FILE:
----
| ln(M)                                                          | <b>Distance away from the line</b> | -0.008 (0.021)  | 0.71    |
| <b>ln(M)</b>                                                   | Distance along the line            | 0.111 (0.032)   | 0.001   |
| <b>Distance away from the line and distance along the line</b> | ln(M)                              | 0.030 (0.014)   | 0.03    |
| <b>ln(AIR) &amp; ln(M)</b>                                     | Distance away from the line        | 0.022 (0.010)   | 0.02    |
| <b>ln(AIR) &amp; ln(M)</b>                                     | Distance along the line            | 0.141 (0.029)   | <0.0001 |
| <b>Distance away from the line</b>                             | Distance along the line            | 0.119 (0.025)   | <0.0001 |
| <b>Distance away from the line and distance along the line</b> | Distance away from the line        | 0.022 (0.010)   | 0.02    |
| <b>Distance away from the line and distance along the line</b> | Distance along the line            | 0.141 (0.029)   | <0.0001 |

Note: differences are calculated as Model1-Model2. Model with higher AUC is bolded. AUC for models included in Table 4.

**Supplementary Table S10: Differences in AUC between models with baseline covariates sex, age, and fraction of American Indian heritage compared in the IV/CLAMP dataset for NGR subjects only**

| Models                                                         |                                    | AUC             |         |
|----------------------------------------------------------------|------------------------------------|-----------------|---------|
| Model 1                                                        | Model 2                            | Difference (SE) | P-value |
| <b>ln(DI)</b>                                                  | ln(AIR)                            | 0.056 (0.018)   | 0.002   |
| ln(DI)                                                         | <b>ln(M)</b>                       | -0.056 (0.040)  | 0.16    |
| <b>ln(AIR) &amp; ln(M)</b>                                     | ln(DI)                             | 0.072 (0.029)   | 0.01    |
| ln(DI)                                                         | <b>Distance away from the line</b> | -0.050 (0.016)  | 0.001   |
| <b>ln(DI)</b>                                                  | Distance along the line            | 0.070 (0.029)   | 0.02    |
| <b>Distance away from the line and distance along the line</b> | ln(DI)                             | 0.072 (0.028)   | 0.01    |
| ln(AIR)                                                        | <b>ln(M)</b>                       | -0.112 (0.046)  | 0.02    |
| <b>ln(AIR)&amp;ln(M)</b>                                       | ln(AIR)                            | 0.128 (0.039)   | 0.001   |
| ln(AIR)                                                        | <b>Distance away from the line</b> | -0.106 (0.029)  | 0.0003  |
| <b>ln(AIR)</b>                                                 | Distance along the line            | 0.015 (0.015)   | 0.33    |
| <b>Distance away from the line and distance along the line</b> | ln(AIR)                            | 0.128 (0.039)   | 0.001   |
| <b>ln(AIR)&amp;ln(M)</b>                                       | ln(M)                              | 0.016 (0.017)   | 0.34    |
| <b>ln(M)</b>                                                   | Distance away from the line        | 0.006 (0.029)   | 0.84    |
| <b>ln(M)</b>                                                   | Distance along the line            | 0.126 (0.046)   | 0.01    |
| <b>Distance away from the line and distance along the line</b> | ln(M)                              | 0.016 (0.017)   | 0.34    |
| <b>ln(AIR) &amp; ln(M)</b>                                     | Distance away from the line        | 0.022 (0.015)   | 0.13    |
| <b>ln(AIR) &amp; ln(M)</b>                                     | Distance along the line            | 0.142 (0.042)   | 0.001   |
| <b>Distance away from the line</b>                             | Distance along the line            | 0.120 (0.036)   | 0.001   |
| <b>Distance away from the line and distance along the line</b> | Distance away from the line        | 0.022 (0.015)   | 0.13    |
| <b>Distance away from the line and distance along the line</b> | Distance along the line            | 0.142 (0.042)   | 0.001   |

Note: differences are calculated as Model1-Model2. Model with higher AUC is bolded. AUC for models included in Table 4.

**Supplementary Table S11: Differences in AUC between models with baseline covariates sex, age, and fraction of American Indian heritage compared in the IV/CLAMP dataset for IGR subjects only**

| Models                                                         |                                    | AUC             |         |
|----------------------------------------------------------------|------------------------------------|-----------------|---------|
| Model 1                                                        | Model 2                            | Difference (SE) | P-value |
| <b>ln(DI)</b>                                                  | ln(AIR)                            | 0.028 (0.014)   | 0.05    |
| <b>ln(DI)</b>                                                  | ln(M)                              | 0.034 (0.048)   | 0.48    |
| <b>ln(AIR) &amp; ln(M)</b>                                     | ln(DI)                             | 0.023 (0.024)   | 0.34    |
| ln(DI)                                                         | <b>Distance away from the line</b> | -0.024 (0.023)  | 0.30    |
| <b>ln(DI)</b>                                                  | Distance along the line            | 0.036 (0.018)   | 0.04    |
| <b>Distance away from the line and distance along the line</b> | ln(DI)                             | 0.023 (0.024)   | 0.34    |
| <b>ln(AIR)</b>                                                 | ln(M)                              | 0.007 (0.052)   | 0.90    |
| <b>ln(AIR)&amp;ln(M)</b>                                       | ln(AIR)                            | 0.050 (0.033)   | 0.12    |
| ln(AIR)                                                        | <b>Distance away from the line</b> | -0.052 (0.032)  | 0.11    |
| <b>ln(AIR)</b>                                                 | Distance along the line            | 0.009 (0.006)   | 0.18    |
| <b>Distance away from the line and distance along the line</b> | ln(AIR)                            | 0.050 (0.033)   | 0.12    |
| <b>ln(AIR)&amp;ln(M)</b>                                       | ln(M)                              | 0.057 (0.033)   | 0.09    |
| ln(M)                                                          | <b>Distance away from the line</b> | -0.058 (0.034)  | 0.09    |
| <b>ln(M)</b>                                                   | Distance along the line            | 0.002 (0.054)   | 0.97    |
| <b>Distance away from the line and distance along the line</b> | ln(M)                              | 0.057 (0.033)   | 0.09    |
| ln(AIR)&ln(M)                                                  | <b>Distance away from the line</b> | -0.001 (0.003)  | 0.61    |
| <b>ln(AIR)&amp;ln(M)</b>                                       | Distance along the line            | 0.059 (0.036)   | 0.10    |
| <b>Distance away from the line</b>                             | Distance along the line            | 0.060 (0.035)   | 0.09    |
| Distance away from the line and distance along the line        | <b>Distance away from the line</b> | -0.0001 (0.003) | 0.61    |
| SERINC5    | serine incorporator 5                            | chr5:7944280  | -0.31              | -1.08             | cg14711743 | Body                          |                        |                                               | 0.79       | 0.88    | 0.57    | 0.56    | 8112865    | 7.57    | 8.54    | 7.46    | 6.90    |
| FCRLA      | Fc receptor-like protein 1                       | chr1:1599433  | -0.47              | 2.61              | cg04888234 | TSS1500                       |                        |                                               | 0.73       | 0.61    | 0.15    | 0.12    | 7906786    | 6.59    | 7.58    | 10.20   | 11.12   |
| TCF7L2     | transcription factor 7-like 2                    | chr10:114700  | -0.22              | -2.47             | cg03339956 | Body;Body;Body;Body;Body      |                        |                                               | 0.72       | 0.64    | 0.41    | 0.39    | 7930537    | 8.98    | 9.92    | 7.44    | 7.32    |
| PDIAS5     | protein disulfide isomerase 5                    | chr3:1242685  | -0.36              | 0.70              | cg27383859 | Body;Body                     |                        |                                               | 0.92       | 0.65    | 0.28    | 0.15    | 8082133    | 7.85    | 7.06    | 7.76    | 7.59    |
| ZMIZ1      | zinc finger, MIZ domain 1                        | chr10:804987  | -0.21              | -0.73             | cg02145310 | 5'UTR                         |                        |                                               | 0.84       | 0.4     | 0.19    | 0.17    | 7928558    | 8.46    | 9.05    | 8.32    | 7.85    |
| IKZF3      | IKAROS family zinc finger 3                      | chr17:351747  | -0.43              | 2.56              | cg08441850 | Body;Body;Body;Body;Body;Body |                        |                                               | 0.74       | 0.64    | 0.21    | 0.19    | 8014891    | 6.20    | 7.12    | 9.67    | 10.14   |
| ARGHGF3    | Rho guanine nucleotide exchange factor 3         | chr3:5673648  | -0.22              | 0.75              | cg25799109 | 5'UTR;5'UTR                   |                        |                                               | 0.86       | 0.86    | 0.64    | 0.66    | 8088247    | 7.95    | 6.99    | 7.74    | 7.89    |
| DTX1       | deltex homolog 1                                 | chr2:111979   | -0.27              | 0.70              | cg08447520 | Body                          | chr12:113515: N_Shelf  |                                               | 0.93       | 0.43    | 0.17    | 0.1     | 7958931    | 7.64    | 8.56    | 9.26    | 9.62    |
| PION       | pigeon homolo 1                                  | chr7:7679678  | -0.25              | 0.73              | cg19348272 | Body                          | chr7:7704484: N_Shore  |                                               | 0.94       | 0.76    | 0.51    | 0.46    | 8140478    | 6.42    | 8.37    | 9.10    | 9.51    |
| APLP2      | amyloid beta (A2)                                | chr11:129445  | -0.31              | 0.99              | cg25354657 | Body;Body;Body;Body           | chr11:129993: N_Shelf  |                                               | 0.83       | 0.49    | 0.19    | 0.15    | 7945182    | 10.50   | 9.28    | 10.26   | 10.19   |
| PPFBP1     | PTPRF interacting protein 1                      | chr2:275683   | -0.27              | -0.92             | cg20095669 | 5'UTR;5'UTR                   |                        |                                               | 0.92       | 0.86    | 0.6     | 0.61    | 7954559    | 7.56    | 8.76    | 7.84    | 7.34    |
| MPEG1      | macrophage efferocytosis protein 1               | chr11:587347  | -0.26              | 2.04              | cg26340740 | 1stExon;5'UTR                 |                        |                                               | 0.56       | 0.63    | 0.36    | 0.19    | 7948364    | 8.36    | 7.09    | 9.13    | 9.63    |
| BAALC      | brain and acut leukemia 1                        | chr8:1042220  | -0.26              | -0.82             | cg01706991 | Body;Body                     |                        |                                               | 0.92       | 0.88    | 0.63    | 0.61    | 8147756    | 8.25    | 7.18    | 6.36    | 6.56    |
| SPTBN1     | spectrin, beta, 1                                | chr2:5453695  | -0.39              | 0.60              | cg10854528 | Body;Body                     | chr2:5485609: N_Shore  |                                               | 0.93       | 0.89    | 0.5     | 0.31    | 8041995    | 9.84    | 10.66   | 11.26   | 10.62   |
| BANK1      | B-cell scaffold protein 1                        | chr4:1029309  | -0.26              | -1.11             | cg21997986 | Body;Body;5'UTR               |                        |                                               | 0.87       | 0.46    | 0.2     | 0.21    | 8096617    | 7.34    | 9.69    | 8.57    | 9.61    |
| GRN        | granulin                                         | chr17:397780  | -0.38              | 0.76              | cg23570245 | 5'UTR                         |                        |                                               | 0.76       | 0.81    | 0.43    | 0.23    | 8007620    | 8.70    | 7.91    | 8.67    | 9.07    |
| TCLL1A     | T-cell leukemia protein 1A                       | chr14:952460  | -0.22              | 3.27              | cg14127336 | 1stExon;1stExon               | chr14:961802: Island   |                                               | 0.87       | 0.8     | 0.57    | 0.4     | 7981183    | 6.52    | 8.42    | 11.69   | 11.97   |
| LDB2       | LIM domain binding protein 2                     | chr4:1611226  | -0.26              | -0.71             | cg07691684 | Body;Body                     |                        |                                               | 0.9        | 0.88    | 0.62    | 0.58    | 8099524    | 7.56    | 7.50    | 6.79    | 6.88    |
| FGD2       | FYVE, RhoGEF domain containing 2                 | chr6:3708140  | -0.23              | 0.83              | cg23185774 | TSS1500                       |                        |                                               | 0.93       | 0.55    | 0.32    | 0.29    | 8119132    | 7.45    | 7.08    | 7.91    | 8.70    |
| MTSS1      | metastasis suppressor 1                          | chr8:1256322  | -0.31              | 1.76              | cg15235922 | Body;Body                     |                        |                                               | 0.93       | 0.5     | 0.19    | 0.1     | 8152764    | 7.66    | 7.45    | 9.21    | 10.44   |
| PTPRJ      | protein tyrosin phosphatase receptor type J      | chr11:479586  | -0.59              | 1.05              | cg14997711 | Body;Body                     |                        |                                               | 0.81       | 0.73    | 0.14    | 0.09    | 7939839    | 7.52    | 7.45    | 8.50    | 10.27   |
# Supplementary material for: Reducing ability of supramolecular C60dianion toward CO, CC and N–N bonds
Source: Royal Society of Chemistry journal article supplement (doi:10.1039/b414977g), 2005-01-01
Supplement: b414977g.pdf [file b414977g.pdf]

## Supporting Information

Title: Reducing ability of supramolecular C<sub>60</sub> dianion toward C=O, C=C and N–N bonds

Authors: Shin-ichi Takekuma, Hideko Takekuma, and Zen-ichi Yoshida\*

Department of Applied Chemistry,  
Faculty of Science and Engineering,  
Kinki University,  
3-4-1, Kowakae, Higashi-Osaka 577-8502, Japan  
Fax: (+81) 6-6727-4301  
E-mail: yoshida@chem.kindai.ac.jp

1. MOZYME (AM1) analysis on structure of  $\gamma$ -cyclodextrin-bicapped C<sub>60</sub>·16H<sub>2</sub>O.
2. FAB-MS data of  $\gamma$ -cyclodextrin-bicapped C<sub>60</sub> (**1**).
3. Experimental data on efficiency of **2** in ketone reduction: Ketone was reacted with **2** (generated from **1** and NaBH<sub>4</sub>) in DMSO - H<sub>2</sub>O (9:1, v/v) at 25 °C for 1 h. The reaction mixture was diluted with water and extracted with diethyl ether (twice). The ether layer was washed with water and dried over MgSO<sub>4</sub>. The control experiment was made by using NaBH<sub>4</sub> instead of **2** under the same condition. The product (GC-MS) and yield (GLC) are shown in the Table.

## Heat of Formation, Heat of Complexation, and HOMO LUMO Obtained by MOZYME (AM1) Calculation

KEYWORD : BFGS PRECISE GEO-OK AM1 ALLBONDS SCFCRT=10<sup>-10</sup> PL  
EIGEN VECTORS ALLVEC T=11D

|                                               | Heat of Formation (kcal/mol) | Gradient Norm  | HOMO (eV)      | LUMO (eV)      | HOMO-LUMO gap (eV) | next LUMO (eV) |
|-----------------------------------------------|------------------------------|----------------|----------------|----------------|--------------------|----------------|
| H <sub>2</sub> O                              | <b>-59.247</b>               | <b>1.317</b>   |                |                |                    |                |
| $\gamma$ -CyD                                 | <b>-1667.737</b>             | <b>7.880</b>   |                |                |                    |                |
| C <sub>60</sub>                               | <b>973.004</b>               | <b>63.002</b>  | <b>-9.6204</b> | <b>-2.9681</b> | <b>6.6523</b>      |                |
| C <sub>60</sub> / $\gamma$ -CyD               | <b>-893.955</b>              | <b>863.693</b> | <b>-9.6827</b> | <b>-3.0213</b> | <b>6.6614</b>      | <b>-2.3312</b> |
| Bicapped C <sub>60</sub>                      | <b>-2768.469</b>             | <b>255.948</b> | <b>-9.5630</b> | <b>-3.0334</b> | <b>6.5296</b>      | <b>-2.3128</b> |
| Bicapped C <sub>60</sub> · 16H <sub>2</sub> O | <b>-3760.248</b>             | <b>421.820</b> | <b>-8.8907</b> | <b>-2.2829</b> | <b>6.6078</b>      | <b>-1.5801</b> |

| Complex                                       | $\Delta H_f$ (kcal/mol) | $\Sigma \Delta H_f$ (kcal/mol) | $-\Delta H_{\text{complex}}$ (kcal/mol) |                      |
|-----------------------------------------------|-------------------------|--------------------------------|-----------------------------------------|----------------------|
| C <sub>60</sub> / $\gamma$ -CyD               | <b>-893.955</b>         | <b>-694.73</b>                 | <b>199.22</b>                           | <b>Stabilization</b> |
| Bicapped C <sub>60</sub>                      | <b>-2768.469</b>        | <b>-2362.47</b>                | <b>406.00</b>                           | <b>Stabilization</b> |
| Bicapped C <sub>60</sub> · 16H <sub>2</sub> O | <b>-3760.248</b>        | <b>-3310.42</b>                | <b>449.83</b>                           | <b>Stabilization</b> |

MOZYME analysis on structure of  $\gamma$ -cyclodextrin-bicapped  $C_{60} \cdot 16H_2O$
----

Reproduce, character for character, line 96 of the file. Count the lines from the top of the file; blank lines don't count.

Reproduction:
EIGEN VECTORS ALLVEC T=11D